Lecture 3: Apollinarianism (Monophysitism)
Last time we talked about the two broad schools of thought in the early church concerning the person of Christ.
These are typically called the Alexandrian School (because it was centered in Alexandria, Egypt), and the Antiochean School of Christology (centered in Antioch).
Monophysite vs. Dyophysite Christology. That is to say, one-nature versus two-nature Christology.
The proponents of a Monophysite, or one-nature, Christology held that the second person of the Trinity – the Logos – possessed a single divine-human nature.
By contrast, the proponents of a two-nature Christology emphasized that in the incarnation the Logos took on not just a human body but a complete human nature and therefore both a rational soul and a human body.
Let’s look more specifically at the Monophysite Christology.
One of the most creative of the Alexandrian thinkers whose thought was to be very influential in the course of the Christological controversies was Apollinarius.
Apollinarius was a bishop in Laodicea who flourished in the mid-fourth century. He died in 390.
Apollinarius argued that it’s impossible for Christ to have both a complete human nature and a complete divine nature because that would simply amount to God indwelling a human being and that falls short of having a true incarnation.
He said that if in addition to the divine mind of the Logos there was also a human mind of Jesus then the Logos did not really achieve a full incarnation.
The Logos simply indwelt the man Jesus of Nazareth.
On Apollinarius’ ingenious solution to this problem of getting a real genuine incarnation he appealed to his anthropology.
Apollinarius had a tripartite anthropology.
That is to say there are three parts that go to make up human being.
The outermost part would be the human body, or soma.
In addition to the body, or soma, however there is also the animal soul or psuche.
This being merely an animal soul, it’s like the soul that other animals have, it is simply an animating principle that makes the body alive rather than a corpse.
In human beings there is a third part which is the human mind, or the nous. On Apollinarius’ anthropology, human beings are made up of a body (a soma), and animal soul (psuche), and a rational soul or mind (the nous).
On his doctrine of the incarnation the divine Logos took the place of the human nous or mind.
Thus, in Jesus there was not a human mind; rather it was a divine mind.
It was the mind of the Logos.
As a result, on Apollinarius’ Christology, you can see that the Logos was constitutionally united with human being.
The person Jesus of Nazareth was a divine person with a human body and an ordinary animal soul.
In Christ there exists a single nature which has a divine part – the Logos – and then purely ordinary human parts (the soma and psuche).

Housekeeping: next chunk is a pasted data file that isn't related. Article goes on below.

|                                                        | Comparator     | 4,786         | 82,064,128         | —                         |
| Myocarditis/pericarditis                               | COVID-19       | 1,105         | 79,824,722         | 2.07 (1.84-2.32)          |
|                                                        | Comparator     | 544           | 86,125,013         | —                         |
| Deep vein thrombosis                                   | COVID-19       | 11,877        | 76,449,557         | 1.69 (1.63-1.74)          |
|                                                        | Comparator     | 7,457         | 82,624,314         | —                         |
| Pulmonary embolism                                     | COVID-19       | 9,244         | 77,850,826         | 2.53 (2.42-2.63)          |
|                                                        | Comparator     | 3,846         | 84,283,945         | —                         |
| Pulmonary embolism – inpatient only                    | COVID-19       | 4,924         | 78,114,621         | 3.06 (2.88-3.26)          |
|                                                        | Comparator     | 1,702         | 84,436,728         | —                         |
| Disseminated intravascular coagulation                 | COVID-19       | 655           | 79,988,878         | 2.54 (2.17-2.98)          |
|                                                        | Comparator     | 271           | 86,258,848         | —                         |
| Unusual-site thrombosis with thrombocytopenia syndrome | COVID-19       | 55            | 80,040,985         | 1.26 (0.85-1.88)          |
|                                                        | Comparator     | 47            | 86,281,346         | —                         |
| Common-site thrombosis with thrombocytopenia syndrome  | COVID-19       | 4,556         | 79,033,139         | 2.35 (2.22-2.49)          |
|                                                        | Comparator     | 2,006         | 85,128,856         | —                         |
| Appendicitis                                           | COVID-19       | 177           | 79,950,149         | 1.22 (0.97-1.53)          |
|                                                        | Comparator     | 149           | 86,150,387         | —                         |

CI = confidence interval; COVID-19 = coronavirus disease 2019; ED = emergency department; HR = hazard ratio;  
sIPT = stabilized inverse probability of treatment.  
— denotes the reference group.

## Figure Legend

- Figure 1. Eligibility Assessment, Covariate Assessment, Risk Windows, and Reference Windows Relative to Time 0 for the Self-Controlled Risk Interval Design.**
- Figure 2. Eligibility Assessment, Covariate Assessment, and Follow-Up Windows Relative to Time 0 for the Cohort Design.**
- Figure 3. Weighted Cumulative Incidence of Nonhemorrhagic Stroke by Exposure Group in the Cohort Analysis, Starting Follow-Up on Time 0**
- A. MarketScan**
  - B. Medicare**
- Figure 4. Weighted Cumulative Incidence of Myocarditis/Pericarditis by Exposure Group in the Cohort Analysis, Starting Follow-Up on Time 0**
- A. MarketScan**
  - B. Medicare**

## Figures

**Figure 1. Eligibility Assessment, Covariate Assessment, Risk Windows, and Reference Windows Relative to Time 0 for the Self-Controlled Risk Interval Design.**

So it is a single nature which has a part that is co-essential with God (the Logos) and parts which are co- essential with us, namely the flesh and the animal spirit.
The Logos, by being constitutionally joined with humanity in this way, came to experience the world through his flesh.
He was able to act in the world by using the flesh – his body – as an instrument.
So the body for the incarnate Logos was both a means of experiencing the world and also a means of acting in the world.
Since there is only a single intellect or mind in Christ which just is the Logos, that means that Christ was without sinful desires and indeed incapable of sinning because it’s impossible that the Logos could sin.
On Apollinarius’ anthropology the seat or locus of the sinful instincts in human beings is the nous, and Jesus didn’t have a human mind or nous; instead it was the Logos and therefore he was utterly without sin and indeed incapable of sinning because the second person of the Trinity could not sin.
Apollinarianism gave us a genuine incarnation; not simply an indwelling of God in a human being, but a constitutional union of divinity and humanity.
The model that Apollinarius offered insures the unity of Christ’s person – there is only one person who Christ is, namely he is the Logos clothed with flesh.
It also explains how the Logos could participate in human suffering through his taking on of a human body.
The reception of Apollinarianism.
The reception of Apollinarianism.
Let me say a few words before we close about the reception of Apollinarianism.
Despite its advantages, Apollinarianism was condemned in the year 377 by a synod in Rome.
Two deficiencies of Apollinarian Christology seemed especially serious to the church fathers.
1. A body without a mind is a truncation of human nature.
A body without a mind is not a true human nature.
By merely clothing himself in flesh, the Logos did not truly become a man for essential to humanity (to human nature) is a rational soul as well as a human body, and Christ did not have a human soul.
He was like us only with respect to his flesh, and that is a mere animal nature.
The church father, Gregory of Nyssa, accused Apollinarius of saying that the incarnation was a matter of God’s becoming an animal.
That’s all it really amounted to.
The incarnation of the Logos was God not becoming a man but becoming an animal.
Therefore Apollinarianism is unacceptable because it denies the true humanity of Christ.
2. If Christ lacked a human mind then he did not truly redeem the human mind.
This is rooted in the fundamental principle which underlay the entire incarnation, and that is the principle quod non est assumptum non est sanatum – that which is not assumed is not saved.
That is to say, if the Logos did not assume a human nature then he did not save human nature.
And he didn’t on this view assume a human nature.
He just assumed an animal nature.
Therefore human nature is not saved. Therefore the Apollinarian Christology, it was charged, would undermine the Christian doctrine of salvation.
Those are the two principal criticisms of Apollinarianism.